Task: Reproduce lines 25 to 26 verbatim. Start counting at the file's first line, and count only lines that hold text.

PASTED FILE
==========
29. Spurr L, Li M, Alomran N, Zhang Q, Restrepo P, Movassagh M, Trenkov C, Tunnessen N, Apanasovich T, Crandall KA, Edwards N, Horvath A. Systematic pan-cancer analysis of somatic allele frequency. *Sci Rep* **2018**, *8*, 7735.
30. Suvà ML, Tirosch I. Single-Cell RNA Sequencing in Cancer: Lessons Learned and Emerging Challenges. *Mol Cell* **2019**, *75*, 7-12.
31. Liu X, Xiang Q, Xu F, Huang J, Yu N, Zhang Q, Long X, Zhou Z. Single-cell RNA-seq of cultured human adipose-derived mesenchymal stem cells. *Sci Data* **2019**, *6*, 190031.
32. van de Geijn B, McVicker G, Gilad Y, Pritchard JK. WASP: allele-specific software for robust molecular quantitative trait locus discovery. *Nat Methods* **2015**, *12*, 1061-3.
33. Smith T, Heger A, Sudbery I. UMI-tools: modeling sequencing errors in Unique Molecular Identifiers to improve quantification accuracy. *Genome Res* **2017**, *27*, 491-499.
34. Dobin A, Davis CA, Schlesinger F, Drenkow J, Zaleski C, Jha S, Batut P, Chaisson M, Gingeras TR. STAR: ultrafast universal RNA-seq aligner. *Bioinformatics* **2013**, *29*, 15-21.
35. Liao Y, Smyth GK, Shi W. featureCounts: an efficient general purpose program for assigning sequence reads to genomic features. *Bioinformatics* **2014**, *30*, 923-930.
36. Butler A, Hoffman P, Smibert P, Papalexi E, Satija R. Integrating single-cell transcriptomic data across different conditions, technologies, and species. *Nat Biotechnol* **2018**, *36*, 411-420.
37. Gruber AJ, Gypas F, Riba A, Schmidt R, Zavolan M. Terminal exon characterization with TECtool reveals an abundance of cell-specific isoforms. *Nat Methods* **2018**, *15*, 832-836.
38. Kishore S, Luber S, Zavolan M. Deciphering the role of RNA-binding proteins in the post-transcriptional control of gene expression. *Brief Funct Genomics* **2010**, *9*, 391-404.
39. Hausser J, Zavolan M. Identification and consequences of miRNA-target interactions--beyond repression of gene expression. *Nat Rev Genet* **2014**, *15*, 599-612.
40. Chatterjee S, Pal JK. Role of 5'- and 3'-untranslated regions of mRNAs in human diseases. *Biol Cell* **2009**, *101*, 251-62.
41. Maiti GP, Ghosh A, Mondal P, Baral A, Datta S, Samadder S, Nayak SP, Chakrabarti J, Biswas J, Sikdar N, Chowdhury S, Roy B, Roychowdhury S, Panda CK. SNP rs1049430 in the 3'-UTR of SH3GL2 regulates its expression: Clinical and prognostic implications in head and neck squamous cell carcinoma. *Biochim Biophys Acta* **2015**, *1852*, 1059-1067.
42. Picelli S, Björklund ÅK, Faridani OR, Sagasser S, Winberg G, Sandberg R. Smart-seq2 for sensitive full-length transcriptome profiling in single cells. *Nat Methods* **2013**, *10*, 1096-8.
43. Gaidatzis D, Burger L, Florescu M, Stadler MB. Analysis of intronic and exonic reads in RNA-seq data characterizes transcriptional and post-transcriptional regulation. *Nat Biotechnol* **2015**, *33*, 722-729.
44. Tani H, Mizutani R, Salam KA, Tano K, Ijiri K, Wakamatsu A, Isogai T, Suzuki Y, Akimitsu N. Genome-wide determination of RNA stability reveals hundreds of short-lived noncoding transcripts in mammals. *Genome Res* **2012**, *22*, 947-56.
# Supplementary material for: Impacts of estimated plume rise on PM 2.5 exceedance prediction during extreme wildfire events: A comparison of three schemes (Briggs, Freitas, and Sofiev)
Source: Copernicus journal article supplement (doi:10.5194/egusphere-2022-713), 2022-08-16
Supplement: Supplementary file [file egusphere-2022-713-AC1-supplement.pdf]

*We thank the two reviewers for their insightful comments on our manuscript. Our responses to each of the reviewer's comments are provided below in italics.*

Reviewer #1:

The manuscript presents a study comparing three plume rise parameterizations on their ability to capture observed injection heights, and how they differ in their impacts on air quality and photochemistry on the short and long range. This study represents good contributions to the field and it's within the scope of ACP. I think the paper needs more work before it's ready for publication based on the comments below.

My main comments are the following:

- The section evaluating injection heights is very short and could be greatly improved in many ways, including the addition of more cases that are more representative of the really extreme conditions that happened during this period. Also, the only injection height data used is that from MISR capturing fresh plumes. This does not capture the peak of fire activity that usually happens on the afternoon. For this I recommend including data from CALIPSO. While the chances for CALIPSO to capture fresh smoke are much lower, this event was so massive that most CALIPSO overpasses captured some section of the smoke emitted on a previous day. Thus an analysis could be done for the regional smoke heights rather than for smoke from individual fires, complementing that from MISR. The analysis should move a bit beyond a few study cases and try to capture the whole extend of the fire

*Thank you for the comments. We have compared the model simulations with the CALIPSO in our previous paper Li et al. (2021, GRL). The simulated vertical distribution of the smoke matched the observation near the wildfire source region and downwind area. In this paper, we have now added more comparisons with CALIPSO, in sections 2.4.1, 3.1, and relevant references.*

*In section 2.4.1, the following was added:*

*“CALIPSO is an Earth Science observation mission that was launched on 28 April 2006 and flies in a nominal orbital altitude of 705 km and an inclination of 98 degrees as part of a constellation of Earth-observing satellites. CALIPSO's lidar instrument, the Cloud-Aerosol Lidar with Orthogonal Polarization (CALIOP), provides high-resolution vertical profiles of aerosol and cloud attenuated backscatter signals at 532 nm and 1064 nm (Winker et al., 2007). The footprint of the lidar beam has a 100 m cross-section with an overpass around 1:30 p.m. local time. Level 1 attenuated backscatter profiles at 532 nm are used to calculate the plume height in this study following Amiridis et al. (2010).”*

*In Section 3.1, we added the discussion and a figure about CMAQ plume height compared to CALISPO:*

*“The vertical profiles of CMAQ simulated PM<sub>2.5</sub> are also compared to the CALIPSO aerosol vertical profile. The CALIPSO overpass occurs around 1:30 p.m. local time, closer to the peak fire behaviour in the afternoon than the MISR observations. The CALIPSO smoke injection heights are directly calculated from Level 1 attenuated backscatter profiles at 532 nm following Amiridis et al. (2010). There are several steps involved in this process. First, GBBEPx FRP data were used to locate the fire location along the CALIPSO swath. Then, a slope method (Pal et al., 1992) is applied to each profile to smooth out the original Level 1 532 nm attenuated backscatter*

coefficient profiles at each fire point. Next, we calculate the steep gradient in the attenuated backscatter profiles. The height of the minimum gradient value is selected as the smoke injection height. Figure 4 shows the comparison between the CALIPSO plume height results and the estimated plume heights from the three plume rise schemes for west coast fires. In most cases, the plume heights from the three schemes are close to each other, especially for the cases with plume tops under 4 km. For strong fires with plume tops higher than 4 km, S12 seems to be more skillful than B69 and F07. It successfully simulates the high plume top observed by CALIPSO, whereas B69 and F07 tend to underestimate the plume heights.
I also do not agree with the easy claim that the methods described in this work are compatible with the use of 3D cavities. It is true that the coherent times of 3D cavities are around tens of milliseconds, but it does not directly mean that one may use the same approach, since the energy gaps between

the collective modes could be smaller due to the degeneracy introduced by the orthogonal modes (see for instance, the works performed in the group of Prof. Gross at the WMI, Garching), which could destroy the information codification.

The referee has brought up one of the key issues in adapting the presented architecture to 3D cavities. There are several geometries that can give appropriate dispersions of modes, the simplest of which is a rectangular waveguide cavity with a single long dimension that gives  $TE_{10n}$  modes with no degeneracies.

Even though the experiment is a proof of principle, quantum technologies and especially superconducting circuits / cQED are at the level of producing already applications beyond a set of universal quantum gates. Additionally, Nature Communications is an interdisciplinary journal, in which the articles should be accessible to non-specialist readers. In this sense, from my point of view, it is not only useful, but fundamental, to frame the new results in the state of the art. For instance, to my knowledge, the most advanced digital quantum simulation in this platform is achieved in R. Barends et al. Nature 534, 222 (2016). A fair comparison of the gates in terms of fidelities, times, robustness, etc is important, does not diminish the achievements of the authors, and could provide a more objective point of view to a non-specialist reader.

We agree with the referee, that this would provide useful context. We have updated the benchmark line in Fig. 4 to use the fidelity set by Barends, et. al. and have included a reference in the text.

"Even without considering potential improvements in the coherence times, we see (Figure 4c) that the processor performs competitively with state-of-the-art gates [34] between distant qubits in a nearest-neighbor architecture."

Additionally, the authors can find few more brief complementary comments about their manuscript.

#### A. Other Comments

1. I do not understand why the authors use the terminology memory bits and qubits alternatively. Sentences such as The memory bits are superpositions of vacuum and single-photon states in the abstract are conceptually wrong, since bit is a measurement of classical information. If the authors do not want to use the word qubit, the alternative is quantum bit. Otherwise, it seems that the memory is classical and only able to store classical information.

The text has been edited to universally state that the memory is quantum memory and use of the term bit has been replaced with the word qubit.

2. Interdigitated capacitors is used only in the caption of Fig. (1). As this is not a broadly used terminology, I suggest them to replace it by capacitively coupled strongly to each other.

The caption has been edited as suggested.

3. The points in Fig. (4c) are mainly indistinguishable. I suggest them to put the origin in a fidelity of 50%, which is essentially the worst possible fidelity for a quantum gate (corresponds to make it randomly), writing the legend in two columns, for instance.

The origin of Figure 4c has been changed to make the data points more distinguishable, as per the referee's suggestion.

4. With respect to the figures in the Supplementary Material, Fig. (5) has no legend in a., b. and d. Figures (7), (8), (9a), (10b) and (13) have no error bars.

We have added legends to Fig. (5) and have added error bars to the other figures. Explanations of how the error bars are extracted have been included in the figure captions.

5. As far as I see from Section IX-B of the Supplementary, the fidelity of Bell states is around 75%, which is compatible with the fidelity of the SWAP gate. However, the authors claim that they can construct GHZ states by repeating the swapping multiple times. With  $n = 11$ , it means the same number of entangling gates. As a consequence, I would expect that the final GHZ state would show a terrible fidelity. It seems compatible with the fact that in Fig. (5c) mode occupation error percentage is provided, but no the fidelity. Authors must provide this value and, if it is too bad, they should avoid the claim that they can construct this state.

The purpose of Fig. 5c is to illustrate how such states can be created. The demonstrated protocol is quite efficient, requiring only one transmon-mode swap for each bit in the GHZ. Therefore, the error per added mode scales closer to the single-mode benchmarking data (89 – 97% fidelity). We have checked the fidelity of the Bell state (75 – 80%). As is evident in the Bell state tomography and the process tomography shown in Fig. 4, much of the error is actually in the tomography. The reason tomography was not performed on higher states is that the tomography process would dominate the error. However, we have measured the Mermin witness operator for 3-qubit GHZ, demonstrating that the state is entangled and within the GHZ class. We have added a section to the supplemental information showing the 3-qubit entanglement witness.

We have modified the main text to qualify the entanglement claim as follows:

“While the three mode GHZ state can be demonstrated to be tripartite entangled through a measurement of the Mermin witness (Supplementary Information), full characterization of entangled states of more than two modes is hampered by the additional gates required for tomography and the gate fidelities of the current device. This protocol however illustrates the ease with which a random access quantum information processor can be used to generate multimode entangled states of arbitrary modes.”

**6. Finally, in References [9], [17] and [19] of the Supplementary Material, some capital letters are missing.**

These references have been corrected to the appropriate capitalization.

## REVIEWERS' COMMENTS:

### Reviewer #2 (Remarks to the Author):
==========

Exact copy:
*Thank you for the comments. We have compared the model simulations with the CALIPSO in our previous paper Li et al. (2021, GRL). The simulated vertical distribution of the smoke matched the observation near the wildfire source region and downwind area. In this paper, we have now added more comparisons with CALIPSO, in sections 2.4.1, 3.1, and relevant references.*

*In section 2.4.1, the following was added:*